Brumhaus: the perfect interpretation of Birmingham’s cityscape

If you’re familiar with Birmingham’s creative people, it’s likely you heard the name Brumhaus already. This is the pseudonym of Alexander Edwards, a well-known Brummie designer that uses the city’s diverse architecture as an inspiration for his work.

What some people would describe as pop-constructivism, Brumhauns describes it as pure modernist art. Meanwhile, what we see here is an incredibly talented artist that is already recognised as a gem of Birmingham.

MT: When and how did you become interested in graphic arts and illustration?

Brumhaus: I made a toy newspaper for my Action Man when I was a kid so I guess graphics was something I was interested in at an early age.

My Dad painted watercolour portraits of me and my sister from time to time, so I think I understood you could do your own art outside of school for fun. I had some good art and design teachers at school but I was about average in the class. I think I just dropped into going to art school as it because it didn’t seem like work and I had a lot of enjoyment from it.

MT: How would you best describe your style of work?

Brumhaus: This is difficult as it varies from project to project. Although the underlying theme with Brumhaus is semi-abstract with simple geometric forms and patterns.

I am influenced by Bauhaus as you may guess from the name, but this is more of a play on words than a strict philosophy. I have called it modernist-influenced art as a lot of the themes are Modernist architecture and design. Another artist I spoke to recently said it was Pop-Constructivism but I don’t have a precise label for it.


MT: How was the transition from Andertype to Brumhaus?

Brumhaus: Once I produced the Birmingham Central Library print, things didn’t fit with the Andertype style. The new style is less hand drawn and more technical with strong lines.

The subject matter was strong too and it ticked a lot of boxes for people; architecture, illustration, Brum. At the time the library was about to be pulled down and there was a lot of interest in the print and things took off from there.

It seemed logical to separate the two styles so I set up the new work as Brumhaus from there on in.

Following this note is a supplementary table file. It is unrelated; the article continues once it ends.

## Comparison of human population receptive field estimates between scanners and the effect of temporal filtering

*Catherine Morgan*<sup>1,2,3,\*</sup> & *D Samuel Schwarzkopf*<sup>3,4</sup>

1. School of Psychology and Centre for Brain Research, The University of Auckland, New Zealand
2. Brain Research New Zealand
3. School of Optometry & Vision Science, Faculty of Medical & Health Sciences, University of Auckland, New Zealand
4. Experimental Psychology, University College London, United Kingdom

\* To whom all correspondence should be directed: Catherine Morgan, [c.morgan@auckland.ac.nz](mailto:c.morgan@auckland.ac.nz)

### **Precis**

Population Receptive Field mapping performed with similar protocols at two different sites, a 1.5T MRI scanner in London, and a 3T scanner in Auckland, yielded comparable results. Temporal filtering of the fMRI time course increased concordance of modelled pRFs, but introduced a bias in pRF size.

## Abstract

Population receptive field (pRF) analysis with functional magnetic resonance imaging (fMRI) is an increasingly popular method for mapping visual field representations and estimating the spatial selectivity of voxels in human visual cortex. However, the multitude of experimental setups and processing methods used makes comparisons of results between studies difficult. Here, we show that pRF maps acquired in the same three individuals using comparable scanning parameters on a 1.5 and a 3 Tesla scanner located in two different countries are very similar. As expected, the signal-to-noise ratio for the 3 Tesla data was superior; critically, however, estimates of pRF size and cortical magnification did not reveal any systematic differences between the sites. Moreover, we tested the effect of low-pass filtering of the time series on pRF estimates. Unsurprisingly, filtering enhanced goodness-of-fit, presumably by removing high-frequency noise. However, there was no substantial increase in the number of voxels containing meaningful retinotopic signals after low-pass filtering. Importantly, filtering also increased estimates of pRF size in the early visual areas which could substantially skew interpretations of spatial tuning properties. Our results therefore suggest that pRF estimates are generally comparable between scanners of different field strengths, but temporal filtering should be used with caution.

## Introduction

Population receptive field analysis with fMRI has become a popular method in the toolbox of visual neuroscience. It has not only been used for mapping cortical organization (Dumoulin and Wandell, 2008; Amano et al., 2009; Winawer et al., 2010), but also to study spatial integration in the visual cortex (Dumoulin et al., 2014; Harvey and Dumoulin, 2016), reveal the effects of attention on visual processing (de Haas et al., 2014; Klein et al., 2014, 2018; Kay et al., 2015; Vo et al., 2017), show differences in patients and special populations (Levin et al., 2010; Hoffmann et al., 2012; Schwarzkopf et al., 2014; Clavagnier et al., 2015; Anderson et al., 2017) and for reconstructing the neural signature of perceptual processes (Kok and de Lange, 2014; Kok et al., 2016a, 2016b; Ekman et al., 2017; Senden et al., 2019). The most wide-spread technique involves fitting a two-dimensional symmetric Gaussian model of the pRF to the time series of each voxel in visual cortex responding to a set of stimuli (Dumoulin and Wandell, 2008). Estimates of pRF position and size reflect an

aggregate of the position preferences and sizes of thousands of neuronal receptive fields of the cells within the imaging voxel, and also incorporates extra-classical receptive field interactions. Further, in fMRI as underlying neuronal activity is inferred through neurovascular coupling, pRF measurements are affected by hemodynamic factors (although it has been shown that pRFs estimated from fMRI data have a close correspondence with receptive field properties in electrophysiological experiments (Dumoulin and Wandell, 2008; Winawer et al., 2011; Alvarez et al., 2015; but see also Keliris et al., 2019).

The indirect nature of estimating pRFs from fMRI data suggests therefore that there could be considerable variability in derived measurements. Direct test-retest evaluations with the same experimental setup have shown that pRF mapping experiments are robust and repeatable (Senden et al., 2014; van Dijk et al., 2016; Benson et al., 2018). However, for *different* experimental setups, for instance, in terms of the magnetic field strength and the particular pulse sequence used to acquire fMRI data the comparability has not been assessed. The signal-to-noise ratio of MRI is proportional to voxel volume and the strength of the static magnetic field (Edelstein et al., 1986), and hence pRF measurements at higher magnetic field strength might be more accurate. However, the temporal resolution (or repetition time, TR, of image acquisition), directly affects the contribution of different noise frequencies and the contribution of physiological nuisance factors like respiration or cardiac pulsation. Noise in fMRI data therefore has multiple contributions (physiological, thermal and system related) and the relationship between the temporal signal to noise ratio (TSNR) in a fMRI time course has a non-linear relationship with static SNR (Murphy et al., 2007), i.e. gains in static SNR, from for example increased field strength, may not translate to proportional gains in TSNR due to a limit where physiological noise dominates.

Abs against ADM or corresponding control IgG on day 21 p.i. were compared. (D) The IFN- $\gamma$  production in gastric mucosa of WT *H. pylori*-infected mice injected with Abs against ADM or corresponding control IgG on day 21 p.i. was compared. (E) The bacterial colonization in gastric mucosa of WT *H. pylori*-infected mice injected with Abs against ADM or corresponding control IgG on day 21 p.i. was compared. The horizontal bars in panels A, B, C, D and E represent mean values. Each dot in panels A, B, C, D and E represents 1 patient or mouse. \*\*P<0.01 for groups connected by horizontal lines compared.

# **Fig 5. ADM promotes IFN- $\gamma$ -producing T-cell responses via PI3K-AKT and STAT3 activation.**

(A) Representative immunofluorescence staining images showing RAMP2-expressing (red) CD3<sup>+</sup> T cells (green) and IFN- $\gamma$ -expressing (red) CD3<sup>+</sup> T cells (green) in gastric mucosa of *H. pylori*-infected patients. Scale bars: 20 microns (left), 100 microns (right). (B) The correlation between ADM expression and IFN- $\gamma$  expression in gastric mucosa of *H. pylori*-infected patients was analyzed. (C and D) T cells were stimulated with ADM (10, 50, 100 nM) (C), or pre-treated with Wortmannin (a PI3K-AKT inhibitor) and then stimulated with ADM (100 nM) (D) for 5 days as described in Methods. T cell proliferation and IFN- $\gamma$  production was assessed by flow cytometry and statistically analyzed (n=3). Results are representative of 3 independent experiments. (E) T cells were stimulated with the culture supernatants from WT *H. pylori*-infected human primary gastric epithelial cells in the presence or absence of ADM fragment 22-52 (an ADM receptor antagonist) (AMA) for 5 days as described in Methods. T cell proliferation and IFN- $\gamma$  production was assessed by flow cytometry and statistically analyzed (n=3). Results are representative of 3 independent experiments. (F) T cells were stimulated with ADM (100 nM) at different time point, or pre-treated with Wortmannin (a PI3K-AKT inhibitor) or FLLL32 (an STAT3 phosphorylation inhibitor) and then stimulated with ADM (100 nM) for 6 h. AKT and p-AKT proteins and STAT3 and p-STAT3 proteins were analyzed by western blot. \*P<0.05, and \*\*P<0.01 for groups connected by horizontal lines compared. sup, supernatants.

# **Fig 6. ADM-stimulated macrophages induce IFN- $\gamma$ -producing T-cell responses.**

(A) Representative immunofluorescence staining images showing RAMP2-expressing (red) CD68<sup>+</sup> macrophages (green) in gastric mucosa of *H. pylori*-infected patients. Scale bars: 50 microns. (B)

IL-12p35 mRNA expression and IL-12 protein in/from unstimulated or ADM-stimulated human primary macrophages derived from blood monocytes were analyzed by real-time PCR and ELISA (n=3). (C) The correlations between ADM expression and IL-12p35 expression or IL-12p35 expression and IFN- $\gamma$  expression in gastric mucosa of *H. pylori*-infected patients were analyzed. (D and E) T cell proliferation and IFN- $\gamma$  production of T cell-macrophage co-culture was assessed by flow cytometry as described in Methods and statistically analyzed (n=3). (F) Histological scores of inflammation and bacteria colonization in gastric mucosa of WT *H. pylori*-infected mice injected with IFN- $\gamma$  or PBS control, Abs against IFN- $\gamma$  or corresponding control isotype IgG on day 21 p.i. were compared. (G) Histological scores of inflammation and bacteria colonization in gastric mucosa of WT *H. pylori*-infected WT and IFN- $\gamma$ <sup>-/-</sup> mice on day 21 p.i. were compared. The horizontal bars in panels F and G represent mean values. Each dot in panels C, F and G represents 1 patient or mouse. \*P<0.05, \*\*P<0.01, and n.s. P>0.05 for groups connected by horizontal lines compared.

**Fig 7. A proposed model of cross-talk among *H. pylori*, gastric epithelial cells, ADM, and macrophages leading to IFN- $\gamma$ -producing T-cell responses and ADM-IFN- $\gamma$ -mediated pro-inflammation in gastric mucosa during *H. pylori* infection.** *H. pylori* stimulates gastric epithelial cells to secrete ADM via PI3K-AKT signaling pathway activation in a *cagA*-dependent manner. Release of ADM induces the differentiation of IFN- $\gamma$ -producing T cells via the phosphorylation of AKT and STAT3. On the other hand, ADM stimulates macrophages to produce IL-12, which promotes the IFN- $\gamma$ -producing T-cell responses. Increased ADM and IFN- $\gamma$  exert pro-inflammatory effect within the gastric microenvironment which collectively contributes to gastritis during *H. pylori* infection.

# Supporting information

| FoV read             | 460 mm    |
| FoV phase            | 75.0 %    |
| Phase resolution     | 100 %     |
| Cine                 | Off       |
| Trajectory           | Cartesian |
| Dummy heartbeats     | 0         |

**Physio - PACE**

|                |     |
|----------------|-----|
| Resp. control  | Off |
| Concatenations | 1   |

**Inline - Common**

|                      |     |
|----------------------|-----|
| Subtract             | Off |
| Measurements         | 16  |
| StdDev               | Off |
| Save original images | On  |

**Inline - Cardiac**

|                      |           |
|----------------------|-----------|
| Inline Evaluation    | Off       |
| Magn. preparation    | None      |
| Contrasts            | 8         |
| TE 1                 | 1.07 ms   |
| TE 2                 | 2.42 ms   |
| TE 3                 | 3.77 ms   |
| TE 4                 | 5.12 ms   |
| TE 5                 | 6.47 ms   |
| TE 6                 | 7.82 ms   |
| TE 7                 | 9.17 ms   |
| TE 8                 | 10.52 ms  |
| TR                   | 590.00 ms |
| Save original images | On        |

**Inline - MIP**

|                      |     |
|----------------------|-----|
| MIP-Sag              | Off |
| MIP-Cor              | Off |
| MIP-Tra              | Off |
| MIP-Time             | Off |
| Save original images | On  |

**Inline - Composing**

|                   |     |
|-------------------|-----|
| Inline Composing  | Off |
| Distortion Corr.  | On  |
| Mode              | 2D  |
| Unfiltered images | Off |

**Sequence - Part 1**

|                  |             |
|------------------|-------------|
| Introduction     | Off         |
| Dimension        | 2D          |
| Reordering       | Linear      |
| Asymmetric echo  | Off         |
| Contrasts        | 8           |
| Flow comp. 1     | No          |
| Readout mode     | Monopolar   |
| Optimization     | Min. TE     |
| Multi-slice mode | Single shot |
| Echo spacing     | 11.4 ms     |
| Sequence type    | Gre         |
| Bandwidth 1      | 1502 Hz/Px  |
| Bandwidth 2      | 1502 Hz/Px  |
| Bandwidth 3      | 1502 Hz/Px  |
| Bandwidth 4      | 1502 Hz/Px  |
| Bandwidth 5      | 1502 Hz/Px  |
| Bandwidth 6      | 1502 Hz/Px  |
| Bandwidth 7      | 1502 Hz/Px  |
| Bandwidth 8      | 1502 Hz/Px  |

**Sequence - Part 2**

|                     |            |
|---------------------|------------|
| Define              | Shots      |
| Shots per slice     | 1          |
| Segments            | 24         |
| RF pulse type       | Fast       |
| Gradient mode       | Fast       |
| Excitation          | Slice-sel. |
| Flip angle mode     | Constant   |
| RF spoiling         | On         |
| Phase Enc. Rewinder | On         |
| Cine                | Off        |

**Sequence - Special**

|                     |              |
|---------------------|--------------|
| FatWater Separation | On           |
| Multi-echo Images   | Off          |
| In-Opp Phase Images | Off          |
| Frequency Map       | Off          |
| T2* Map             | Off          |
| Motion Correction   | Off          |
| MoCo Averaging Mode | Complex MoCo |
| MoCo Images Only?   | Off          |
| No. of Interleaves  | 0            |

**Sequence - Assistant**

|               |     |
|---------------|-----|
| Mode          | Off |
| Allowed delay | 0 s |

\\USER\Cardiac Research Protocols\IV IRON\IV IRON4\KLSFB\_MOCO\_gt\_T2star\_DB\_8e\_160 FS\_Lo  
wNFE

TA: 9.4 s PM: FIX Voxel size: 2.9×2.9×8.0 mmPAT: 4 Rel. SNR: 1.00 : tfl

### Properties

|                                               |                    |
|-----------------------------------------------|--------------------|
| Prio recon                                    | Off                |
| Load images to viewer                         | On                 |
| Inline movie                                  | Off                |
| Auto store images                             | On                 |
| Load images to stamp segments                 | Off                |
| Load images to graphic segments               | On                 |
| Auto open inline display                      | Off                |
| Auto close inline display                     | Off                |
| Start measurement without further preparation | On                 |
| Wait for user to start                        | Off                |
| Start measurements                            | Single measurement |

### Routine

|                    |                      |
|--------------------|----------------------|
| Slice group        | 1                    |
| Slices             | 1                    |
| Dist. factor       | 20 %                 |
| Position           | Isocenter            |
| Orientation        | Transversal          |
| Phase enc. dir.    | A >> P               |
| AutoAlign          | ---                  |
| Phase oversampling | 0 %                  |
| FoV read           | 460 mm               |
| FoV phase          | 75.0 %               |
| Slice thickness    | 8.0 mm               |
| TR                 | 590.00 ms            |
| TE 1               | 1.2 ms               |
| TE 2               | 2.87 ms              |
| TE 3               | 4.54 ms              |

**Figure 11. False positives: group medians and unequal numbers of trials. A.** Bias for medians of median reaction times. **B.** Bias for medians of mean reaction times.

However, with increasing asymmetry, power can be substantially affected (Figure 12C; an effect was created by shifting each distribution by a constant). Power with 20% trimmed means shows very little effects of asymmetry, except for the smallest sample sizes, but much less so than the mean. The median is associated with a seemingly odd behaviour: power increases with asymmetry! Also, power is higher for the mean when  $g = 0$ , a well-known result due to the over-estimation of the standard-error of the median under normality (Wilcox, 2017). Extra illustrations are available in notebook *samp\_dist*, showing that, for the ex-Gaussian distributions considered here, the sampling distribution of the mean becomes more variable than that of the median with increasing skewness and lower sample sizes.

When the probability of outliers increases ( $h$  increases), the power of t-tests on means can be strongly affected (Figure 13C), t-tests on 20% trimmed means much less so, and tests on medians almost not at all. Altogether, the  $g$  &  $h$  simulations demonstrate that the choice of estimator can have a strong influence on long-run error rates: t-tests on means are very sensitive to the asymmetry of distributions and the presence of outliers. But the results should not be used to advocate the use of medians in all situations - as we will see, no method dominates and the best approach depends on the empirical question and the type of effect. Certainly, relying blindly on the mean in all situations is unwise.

To be honest, it was quite easy to start Brumhaus, as I had already worked out a good work process.All I really needed to do was to create new social network accounts and a website and get producing more work in the new style. I had about 5 pieces ready from Andertype which fitted the mould so I set up Brumhaus with some content quite quickly.

MT: Could you explain what the concept of Brumhaus is about?

Brumhaus: The concept of the Brumhaus idea is as much about the subject matter as the style of application. I think this may explain the popularity of my best work. Subjects vary from local architecture, modernist and brutalist buildings, and typography and a lot of my work is themed around Birmingham and its places.

Brummies have pride for their city and the rise in outsiders’ perceptions of the city has really given the city a new feeling to me. There’s a real buzz about Brum.


MT:  Using Birmingham as an inspiration for your work, what would be your favourite place in the city? 

 Brumhaus: The new Library of Birmingham is such a fantastic building. Its roof gardens give us the chance to see miles of Brum which is something really special. Likewise, the view from the bar at the Cube at night. It’s a real spectacle!

MT: And what would be your most and least favourite buildings in the city?

 Brumhaus: Well, that’s too hard to answer. There are some great houses designed by John Madin. I love the white buildings in Edgbaston and there is a brick house around Moseley that has a really cool tower. Probably the best building is the Signal Box, which I’ve created two pieces of workaround. Maybe the bad ones are the ones I pay no attention to.


MT: Do you think about selling your pieces to other countries? If so, which ones?